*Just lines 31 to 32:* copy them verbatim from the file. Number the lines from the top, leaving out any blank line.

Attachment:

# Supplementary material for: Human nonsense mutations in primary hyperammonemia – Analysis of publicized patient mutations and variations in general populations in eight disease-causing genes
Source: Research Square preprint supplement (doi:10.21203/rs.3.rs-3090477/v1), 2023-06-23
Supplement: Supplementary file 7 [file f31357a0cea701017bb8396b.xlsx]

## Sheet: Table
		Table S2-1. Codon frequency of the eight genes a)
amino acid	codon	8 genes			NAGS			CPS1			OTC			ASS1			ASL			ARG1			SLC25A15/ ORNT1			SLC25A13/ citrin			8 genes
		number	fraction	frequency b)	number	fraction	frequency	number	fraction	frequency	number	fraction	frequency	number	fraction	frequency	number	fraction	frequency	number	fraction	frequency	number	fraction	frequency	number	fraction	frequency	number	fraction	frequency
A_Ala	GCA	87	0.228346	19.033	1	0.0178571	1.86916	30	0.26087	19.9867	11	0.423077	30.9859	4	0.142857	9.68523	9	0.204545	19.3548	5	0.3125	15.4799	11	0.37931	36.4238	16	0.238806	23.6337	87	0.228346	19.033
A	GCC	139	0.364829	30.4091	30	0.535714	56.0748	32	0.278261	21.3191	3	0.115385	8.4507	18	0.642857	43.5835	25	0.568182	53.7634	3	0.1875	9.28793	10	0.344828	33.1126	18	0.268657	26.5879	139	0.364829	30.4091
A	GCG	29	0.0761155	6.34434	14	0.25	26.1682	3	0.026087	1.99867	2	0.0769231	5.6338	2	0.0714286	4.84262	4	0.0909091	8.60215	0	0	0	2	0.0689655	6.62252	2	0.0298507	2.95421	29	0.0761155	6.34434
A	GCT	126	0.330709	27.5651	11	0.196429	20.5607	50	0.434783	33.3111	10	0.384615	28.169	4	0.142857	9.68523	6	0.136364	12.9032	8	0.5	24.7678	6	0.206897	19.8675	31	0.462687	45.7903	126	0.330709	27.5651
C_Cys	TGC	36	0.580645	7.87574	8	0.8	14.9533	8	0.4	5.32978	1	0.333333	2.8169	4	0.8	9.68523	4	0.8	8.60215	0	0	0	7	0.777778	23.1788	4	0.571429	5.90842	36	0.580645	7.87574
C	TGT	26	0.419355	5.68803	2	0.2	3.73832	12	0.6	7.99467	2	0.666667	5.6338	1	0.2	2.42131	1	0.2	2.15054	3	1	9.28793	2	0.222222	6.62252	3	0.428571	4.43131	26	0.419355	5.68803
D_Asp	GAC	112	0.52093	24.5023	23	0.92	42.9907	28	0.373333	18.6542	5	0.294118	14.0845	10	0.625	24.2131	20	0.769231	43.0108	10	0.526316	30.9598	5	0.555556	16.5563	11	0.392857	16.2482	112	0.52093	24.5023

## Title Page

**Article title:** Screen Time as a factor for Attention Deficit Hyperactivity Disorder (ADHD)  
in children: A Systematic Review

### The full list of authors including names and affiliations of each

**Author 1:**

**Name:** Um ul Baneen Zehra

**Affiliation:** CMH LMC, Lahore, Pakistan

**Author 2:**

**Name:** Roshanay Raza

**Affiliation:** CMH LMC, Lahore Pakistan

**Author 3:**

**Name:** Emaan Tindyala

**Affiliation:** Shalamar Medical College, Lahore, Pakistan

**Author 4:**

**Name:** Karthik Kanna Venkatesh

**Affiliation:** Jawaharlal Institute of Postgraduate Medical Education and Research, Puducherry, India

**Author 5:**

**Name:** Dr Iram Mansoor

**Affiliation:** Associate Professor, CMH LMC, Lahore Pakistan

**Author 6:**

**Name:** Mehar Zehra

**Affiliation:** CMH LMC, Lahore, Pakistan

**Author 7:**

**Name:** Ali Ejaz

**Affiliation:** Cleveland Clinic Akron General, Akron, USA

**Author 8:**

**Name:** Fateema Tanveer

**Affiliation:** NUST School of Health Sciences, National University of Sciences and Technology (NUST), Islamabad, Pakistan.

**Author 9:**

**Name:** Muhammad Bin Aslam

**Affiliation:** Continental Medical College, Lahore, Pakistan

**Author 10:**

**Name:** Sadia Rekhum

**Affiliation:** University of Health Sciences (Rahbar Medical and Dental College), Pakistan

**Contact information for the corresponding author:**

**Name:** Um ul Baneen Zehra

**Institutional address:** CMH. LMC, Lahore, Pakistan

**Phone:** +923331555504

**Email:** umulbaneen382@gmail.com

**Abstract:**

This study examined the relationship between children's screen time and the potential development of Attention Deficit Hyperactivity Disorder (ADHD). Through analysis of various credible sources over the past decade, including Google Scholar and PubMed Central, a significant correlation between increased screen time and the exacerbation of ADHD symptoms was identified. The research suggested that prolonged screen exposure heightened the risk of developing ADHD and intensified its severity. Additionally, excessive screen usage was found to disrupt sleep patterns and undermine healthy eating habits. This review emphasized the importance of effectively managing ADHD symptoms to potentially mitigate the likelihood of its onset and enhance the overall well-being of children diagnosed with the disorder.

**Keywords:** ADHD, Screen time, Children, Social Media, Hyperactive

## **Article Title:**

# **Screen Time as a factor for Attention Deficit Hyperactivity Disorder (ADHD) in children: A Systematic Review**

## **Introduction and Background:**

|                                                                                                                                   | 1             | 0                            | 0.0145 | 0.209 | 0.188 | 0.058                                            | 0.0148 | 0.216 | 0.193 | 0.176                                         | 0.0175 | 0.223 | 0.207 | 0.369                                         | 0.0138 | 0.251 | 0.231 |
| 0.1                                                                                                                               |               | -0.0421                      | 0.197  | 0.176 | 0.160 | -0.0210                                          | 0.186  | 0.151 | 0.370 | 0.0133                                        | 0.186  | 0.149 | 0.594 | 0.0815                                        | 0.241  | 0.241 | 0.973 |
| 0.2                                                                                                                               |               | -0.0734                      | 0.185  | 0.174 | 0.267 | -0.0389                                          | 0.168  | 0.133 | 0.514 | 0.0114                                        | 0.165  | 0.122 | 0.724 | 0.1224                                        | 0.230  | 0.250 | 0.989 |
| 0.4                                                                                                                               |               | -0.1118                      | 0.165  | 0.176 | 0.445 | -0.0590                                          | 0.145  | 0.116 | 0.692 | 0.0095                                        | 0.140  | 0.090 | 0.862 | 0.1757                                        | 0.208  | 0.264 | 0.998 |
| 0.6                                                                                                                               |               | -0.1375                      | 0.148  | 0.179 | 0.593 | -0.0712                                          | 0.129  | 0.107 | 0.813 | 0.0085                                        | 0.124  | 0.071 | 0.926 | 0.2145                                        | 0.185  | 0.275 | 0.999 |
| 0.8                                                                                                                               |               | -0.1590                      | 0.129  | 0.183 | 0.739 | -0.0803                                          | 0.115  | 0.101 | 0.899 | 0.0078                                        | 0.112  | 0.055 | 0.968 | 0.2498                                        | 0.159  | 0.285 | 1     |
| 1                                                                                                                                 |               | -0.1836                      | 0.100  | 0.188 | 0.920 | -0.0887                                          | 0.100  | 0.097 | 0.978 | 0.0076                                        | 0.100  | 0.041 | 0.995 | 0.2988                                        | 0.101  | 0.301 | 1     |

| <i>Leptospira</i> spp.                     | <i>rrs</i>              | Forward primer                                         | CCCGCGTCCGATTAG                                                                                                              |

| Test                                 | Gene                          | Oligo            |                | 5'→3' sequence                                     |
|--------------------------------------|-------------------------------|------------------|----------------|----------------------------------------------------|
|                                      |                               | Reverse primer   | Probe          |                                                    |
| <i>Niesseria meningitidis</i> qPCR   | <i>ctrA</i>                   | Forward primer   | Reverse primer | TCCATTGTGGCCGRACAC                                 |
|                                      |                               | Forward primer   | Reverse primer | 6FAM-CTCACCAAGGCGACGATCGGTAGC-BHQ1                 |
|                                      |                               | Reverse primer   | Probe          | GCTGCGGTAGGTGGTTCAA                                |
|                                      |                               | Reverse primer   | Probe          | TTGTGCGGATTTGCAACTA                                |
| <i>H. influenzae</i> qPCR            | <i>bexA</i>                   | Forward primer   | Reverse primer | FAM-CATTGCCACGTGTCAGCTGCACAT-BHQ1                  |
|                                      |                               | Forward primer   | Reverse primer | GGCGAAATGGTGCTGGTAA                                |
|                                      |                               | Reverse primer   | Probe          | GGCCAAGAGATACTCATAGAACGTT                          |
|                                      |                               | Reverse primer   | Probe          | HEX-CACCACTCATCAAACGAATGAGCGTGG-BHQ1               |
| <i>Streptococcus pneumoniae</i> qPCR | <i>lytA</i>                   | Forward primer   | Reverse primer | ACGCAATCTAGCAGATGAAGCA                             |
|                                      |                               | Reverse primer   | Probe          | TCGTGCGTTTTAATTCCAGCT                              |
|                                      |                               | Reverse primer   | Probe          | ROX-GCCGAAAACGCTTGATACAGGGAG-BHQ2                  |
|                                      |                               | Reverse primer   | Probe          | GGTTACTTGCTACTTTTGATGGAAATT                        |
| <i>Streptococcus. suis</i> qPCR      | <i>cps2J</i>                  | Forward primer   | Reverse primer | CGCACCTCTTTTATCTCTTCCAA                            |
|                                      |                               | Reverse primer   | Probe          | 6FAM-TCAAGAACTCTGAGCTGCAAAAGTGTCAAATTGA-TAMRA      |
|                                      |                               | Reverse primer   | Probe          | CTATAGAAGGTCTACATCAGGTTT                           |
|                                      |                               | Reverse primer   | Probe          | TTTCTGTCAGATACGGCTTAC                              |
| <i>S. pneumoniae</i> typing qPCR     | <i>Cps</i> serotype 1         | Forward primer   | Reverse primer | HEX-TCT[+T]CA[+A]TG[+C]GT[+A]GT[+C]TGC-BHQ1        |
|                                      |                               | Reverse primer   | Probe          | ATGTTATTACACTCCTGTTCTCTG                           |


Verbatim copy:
**Author 5:**

**Name:** Dr Iram Mansoor